There's so much emotion involved in divorce that it almost seems inhuman to start talking about the logistics of separating.
It's normally the case that a married couple's lives are deeply intertwined, so unpicking the stitches feels almost too painful to countenance. But at some point, usually before you've even had 'The Talk', you'll start wondering about who gets what. How much of any house sale will I receive? How do we start dividing physical belongings?
Most people have seen the spectacular fall-out from divorce cases between one impossibly-wealthy person and another, normally with the upshot that one tries to wring as much out of the other as their lawyers can muster. All of which makes for great headlines, but it's not usually an accurate reflection of most divorce settlements.
It's been extensively reported in the press that Liam Gallagher and Nicole Appleton ran up legal bills of £800,000 in their divorce case. The story goes they couldn't agree on how to divide £11 million of assets, so a judge ruled they would have to split the pot down the middle.
In the course of his comments, Judge O'Dwyer said the couple's legal bill had been 'manifestly excessive'. In their case, there was disagreement about the former Oasis singer's shareholding in the fashion label Pretty Green, the value of the former matrimonial home, and the future earning potential of Gallagher and Appleton.
In Scotland, the law on division of assets is very clear - if you know what it says, of course.
What you're trying to divide is known as matrimonial property. Those are the assets you've accrued from the date of marriage until the day you stop living as a married couple. Once those have been identified, they need to be valued. If you have acquired assets by inheritance or gift from someone outwith the marriage, these may be excluded.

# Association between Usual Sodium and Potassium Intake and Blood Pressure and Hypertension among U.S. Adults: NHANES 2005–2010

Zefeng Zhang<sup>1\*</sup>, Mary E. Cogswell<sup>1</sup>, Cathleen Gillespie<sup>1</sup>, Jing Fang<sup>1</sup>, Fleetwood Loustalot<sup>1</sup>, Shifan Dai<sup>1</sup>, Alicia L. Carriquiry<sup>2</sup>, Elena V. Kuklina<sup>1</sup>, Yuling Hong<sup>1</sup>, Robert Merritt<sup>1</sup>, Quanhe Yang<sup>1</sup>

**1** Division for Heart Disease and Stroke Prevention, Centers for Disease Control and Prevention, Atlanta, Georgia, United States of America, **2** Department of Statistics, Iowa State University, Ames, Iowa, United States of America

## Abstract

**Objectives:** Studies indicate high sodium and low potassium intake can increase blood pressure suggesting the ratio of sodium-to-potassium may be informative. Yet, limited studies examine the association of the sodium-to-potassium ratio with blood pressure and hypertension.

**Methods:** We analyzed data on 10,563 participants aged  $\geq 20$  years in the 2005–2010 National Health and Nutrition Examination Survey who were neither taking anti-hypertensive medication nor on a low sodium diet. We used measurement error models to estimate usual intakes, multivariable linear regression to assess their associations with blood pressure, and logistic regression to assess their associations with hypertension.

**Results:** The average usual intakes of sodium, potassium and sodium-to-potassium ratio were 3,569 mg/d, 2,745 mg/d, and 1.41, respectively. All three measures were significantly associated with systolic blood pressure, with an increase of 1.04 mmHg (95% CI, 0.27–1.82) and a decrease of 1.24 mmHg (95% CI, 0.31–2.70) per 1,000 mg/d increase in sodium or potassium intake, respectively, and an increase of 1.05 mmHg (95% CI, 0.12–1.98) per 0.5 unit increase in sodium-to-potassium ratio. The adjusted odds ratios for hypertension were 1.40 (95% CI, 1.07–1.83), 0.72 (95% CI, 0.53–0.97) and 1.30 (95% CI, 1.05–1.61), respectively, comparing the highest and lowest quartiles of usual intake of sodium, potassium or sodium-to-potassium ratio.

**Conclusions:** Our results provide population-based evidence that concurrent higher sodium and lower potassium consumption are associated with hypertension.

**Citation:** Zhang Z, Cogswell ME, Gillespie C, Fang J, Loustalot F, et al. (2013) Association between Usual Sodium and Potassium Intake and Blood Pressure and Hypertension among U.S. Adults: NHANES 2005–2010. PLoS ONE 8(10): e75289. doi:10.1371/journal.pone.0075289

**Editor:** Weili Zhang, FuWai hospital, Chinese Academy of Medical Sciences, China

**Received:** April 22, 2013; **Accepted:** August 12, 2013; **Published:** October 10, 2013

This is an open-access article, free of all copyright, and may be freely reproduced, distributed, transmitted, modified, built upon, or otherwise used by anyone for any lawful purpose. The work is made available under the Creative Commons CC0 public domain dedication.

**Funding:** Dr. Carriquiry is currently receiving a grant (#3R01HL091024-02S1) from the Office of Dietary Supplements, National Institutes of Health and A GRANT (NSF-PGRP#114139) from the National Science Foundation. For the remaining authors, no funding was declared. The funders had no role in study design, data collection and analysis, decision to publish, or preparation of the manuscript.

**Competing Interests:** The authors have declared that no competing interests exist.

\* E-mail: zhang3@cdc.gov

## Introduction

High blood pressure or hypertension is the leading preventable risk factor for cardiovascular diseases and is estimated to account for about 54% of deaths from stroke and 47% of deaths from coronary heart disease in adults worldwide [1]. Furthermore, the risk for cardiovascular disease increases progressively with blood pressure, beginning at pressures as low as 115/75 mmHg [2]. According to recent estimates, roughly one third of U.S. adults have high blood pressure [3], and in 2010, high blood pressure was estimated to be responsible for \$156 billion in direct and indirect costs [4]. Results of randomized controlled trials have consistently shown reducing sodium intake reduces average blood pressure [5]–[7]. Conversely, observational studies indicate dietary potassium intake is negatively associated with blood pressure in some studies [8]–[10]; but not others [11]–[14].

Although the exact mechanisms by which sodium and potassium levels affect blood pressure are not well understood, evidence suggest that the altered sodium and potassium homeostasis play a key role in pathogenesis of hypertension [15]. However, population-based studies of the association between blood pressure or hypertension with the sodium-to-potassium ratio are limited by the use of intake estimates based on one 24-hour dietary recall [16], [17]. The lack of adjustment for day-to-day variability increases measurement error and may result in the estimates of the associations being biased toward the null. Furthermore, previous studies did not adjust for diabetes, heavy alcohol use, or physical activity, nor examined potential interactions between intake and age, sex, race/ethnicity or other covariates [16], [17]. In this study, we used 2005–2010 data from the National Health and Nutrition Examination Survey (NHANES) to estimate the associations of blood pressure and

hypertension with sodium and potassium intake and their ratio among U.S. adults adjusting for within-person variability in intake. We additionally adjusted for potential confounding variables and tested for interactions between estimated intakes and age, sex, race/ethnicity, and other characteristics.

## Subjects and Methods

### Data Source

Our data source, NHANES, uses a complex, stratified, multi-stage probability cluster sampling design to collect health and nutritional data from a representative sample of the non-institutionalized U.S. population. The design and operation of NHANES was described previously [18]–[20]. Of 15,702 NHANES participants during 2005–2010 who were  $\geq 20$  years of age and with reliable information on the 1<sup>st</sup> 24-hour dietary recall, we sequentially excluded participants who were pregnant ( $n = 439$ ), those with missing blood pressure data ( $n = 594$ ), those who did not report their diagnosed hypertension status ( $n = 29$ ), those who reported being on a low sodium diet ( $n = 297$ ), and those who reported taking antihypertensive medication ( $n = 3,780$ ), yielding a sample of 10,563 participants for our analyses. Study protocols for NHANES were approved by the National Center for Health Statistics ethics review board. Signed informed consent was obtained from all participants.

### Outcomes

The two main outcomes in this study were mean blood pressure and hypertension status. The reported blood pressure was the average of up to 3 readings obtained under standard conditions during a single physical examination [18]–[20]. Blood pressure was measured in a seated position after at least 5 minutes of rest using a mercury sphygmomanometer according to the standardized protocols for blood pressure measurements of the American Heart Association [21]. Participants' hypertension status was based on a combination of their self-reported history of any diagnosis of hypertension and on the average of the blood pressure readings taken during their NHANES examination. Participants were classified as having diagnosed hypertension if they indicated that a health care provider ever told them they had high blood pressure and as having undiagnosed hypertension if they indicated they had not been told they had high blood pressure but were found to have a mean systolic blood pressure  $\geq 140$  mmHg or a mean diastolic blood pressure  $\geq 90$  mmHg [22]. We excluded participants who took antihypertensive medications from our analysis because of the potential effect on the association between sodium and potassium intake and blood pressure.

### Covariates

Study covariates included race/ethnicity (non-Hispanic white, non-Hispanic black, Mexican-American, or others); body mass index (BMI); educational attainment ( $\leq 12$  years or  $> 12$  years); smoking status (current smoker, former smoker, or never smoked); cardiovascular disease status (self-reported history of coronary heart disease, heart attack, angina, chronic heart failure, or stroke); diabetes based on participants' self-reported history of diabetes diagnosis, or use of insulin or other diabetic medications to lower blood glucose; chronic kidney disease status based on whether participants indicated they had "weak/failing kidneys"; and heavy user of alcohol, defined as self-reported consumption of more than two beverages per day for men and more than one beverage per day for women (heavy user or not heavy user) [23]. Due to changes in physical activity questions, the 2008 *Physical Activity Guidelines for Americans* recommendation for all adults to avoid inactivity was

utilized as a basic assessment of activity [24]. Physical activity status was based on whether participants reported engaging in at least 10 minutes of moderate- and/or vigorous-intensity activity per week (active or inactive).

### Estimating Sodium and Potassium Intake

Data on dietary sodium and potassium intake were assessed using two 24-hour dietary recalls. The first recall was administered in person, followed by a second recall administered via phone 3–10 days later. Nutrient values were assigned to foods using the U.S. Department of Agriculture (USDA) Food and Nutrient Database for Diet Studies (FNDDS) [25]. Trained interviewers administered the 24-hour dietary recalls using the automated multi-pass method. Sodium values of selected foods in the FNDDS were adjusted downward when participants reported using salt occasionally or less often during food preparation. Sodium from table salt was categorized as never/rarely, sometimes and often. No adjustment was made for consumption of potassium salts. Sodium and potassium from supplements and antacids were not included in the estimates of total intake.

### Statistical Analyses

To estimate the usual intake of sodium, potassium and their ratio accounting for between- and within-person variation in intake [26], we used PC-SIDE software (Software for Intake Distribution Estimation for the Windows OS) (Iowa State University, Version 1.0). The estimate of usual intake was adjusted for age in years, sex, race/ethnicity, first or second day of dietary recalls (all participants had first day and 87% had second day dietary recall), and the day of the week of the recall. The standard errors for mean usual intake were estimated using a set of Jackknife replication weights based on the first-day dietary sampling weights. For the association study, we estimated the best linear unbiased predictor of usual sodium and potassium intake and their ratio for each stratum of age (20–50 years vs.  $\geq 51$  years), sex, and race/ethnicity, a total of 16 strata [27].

If those assets include a home, the balance in a bank account etc, it's normally quite straightforward to have those valued. However, there are some assets which are more tricky to deal with. For example, share options can cause issues, and if either spouse has business interests, it might be necessary to have an accountant provide a valuation.
That total should then be divided fairly which, in Scots law, is usually considered to be an equal split.
There are some circumstances where it might be possible for one partner to argue for an unequal share of matrimonial property; if for example, someone gave up a career to look after children and is now less able to find a suitable job.
Or perhaps one partner had existing wealth before the marriage, which they brought into the relationship.
With so many moving parts, what is ultimately a very clear structure can become a complex and evolving creature. Knowing the law inside out isn't required, but you should aim to be clear, at the earliest possible stage, which assets can be divided and whether there are any complexities you ought to be looking out for.
Philippa Cunniff is partner and head of family law at law firm HBJ Gateley, which has produced a series of videos answering some of the most commonly-asked questions in a divorce.